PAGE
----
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Raise a glass to the country’s newest, most boisterous national monument

One in a series of occasional stories marking the 100th anniversary of the National Park Service.

NEW YORK — The National Park Service oversees 412 parks and monuments, but on a recent Tuesday night I was standing inside the only national monument where a drag queen in knee-high vinyl go-go boots lipsynched to Sia’s “Chandelier” while hanging from the ceiling.

My night at the Stonewall Inn was a national monument adventure like no other. The closest thing I heard to a history lesson was when a bartender silenced a Justin Bieber track at 2 a.m. and grumbled that the Biebs was no Frank Sinatra. There were no scenic stops at this monument, unless you count a stop to steal a glimpse of some scenic biceps.


The country’s newest national monument is a fully operational Greenwich Village gay bar that was recently given federal recognition as a cornerstone of LGBT history. In June, the National Park Service unveiled the Stonewall National Monument, which encompasses the Stonewall Inn and approximately seven neighboring acres. The Stonewall Inn was the site of the Stonewall riots (now more politely referred to as an uprising). The night of June 28, 1969, is considered by many historians to be a pivotal moment in the modern gay rights movement.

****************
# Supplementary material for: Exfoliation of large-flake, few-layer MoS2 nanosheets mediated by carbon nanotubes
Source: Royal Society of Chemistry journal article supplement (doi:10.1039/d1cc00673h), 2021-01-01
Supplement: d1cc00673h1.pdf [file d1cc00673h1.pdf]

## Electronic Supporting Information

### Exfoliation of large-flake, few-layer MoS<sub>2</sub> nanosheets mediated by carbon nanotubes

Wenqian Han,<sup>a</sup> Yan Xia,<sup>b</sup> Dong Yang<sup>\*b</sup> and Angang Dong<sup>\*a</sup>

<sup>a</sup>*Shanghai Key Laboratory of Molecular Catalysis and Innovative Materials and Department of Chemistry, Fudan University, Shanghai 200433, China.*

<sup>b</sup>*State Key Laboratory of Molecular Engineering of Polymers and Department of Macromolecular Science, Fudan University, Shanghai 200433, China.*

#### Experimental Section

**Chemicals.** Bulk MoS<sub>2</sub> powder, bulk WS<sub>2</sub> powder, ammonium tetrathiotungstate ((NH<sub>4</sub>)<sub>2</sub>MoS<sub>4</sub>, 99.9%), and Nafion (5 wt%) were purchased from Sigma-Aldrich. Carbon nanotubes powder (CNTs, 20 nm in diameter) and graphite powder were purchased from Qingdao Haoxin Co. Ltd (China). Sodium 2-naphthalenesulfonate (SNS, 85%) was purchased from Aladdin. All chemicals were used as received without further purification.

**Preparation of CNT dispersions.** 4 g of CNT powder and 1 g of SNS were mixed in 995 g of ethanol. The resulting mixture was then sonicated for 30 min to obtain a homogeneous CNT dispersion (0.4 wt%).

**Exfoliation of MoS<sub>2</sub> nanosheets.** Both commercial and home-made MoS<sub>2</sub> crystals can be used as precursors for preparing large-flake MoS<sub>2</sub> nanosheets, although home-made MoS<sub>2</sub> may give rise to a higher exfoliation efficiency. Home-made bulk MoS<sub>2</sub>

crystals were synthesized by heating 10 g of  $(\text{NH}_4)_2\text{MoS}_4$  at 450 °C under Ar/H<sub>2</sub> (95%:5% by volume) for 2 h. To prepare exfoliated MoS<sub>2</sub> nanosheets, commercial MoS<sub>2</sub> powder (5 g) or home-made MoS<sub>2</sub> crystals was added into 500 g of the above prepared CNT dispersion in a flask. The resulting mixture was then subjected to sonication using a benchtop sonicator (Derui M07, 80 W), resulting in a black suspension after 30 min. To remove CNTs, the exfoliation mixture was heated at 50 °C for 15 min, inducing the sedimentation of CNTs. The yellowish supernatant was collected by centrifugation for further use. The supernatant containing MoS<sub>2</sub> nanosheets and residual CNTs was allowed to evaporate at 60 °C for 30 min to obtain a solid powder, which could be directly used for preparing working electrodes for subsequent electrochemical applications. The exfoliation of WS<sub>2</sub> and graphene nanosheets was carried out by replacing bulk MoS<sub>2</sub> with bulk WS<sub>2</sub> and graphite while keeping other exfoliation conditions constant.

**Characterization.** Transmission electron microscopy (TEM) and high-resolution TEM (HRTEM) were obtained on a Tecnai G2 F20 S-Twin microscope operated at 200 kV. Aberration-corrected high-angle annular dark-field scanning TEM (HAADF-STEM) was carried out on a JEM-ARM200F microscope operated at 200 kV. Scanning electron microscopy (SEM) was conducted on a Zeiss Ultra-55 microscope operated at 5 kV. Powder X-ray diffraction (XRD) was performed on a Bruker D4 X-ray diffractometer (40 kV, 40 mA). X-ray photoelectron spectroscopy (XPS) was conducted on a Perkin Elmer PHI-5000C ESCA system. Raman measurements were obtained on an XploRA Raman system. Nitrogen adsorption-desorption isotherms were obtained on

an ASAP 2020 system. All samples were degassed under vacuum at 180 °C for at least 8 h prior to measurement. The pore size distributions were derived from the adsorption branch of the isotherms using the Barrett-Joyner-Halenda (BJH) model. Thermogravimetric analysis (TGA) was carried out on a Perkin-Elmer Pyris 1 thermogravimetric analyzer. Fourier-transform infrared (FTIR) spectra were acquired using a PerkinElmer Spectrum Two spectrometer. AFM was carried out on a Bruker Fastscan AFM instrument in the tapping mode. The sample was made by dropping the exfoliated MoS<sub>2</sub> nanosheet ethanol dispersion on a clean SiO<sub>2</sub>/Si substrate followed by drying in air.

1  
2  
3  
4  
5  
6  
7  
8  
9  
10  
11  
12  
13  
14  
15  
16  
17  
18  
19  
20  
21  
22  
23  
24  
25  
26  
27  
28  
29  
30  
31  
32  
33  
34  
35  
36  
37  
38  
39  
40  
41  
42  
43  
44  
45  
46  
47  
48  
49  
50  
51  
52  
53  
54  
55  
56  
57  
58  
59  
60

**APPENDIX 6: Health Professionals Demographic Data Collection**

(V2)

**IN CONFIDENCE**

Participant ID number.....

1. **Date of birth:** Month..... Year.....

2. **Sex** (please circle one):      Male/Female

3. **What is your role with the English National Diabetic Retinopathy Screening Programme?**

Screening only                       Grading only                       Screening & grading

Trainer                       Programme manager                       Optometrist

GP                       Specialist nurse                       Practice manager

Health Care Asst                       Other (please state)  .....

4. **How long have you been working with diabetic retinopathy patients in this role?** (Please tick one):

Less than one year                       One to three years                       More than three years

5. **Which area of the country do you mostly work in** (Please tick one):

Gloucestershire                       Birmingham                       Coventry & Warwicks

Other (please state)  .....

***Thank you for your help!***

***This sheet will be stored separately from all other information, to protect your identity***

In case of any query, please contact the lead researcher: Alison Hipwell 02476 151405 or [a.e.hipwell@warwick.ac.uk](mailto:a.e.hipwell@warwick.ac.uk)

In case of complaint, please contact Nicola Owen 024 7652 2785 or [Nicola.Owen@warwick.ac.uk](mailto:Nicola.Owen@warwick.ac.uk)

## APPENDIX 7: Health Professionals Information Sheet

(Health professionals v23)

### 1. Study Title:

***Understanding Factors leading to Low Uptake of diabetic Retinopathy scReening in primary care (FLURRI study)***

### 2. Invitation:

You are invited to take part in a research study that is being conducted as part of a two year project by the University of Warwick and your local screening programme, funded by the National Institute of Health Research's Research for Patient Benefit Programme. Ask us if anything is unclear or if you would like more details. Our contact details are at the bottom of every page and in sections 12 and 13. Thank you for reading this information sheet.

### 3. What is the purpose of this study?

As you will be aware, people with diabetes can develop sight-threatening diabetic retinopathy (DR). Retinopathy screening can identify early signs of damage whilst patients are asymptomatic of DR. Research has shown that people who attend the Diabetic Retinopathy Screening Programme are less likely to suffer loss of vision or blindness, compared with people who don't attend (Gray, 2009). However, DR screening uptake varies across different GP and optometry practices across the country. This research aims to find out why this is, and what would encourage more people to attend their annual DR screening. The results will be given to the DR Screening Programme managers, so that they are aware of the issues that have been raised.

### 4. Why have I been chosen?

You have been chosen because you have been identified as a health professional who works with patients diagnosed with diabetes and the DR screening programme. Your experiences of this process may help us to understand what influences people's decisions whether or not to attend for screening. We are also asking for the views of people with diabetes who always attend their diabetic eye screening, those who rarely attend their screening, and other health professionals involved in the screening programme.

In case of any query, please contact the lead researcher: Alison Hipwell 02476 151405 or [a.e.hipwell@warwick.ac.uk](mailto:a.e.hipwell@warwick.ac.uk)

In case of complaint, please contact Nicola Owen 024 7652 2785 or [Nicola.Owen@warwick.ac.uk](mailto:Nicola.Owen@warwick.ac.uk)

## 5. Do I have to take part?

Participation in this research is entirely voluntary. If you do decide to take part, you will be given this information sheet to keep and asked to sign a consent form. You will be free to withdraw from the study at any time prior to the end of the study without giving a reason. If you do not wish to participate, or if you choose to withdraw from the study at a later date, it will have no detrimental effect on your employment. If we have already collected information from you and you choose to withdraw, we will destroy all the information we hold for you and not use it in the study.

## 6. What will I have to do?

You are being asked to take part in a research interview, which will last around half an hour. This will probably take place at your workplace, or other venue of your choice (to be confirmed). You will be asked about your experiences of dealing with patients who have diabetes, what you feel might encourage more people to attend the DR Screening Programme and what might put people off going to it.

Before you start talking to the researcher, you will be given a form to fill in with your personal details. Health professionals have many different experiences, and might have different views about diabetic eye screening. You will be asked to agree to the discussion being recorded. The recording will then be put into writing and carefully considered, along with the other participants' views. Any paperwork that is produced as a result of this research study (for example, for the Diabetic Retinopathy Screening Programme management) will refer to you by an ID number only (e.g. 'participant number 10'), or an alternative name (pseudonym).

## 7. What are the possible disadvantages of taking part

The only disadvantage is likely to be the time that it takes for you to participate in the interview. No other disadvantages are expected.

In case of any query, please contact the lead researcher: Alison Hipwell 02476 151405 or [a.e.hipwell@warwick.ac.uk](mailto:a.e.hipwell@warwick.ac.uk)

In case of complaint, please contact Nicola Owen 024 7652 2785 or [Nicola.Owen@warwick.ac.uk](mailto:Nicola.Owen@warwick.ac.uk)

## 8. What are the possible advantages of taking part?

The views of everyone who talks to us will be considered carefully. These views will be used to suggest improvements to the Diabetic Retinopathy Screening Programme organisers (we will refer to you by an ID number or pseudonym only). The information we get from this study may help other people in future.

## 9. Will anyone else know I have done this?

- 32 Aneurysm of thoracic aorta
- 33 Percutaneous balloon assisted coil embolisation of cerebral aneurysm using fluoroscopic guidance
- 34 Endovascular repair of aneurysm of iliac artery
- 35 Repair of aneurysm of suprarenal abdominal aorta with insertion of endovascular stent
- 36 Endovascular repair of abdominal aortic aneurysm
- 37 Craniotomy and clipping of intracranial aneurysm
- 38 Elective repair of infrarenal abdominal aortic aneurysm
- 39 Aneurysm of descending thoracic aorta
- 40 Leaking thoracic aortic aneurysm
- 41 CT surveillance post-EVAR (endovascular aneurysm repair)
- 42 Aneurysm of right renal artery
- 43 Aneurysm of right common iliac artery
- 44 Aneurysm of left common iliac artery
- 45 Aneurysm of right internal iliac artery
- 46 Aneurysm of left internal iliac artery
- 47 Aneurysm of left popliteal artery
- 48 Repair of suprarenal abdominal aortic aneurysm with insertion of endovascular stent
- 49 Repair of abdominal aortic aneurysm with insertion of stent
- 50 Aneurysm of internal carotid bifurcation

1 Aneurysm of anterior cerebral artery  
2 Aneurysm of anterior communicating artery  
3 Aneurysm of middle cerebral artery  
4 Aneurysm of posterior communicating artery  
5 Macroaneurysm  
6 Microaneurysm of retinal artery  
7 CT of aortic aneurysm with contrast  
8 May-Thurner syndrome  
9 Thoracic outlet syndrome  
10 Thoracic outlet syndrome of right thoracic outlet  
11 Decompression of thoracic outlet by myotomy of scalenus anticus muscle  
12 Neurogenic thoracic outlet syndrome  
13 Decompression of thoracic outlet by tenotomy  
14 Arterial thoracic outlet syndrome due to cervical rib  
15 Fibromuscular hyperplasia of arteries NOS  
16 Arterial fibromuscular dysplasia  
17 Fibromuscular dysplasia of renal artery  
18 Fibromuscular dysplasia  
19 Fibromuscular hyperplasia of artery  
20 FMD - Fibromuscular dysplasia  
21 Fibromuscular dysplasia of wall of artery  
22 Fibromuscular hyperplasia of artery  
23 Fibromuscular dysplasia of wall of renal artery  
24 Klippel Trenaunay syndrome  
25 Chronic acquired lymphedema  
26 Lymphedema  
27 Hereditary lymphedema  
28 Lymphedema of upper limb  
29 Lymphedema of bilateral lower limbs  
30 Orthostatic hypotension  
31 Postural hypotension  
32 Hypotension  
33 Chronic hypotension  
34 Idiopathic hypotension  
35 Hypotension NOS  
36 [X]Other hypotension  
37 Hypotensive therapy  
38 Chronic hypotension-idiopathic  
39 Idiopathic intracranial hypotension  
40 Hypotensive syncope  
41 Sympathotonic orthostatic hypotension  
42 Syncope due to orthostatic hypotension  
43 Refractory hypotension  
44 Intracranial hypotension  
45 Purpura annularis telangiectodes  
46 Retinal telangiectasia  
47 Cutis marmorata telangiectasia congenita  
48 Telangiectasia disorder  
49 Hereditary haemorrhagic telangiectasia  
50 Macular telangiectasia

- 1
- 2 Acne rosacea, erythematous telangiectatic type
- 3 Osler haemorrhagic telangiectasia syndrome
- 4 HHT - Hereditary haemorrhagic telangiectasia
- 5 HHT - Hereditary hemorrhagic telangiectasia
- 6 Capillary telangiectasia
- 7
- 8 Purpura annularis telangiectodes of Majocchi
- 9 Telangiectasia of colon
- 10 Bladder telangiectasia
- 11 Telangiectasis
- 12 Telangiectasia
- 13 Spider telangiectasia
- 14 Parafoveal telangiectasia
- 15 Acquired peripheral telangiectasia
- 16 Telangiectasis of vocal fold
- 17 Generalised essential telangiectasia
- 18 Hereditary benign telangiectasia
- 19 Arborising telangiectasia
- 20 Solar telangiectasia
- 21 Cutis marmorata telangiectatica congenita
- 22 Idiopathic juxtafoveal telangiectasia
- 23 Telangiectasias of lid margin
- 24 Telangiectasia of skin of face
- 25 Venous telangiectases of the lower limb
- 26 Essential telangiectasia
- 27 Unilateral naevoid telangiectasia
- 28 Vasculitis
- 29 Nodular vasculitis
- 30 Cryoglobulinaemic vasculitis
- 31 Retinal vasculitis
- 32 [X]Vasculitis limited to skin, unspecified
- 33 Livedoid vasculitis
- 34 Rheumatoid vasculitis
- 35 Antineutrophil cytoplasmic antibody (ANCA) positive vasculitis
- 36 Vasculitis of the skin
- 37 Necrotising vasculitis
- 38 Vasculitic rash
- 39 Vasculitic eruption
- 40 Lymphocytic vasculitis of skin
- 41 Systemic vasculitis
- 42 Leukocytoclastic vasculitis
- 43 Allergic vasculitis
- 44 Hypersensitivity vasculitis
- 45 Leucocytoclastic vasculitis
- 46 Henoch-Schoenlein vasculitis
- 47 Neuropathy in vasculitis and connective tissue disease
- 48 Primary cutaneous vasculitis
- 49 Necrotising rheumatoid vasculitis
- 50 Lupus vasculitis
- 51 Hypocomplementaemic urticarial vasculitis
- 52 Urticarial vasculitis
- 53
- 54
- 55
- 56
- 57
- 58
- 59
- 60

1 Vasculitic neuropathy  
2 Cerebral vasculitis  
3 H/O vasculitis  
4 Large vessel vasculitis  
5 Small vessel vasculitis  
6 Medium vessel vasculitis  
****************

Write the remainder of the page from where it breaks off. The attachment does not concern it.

“The national monument designation is putting a full stamp of acknowledgment on the importance of that event. It was a catalytic moment for the LGBT community,” said Will Shafroth, president and CEO of the National Park Foundation. “The night started a movement that spread like wildfire. That bravery transferred to others.”

If the only Stonewall you’re familiar with is the company that makes jam and pancake mix, here’s the history lesson. The Stonewall Inn, like many mafia-owned gay bars in the 1950s and 1960s, was regularly raided by police. In a very unscrupulous agreement between police and the mafia, the police were paid off so raids usually occurred early in the week, and early in the evening, and the bar was tipped off when the raid would be happening. The result was a minimal number of arrests and no disruption in service.


Crowds and police confronted each other outside the Stonewall Inn in 1969.NY Daily News Archive/Getty Images